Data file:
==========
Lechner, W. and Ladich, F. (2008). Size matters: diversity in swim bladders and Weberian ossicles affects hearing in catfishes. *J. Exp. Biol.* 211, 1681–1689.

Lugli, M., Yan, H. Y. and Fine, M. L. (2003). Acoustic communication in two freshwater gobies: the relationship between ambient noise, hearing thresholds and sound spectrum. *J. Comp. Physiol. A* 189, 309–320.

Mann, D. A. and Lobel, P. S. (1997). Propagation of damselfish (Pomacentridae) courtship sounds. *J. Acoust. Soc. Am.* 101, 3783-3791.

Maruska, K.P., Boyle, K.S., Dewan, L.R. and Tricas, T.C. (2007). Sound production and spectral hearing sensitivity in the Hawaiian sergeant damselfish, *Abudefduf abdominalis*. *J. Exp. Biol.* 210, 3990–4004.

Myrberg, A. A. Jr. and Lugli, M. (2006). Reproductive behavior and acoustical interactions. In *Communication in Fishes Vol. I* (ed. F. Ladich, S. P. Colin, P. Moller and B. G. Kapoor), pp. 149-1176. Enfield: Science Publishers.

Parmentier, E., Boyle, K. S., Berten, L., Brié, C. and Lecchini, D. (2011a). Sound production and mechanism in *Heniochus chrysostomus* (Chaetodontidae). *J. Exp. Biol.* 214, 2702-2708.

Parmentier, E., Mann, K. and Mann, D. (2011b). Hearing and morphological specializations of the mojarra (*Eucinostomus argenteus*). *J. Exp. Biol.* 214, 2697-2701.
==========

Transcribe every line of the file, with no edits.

Lechner, W. and Ladich, F. (2008). Size matters: diversity in swim bladders and Weberian ossicles affects hearing in catfishes. *J. Exp. Biol.* 211, 1681–1689.

Lugli, M., Yan, H. Y. and Fine, M. L. (2003). Acoustic communication in two freshwater gobies: the relationship between ambient noise, hearing thresholds and sound spectrum. *J. Comp. Physiol. A* 189, 309–320.

Mann, D. A. and Lobel, P. S. (1997). Propagation of damselfish (Pomacentridae) courtship sounds. *J. Acoust. Soc. Am.* 101, 3783-3791.

Maruska, K.P., Boyle, K.S., Dewan, L.R. and Tricas, T.C. (2007). Sound production and spectral hearing sensitivity in the Hawaiian sergeant damselfish, *Abudefduf abdominalis*. *J. Exp. Biol.* 210, 3990–4004.

Myrberg, A. A. Jr. and Lugli, M. (2006). Reproductive behavior and acoustical interactions. In *Communication in Fishes Vol. I* (ed. F. Ladich, S. P. Colin, P. Moller and B. G. Kapoor), pp. 149-1176. Enfield: Science Publishers.

Parmentier, E., Boyle, K. S., Berten, L., Brié, C. and Lecchini, D. (2011a). Sound production and mechanism in *Heniochus chrysostomus* (Chaetodontidae). *J. Exp. Biol.* 214, 2702-2708.

Parmentier, E., Mann, K. and Mann, D. (2011b). Hearing and morphological specializations of the mojarra (*Eucinostomus argenteus*). *J. Exp. Biol.* 214, 2697-2701.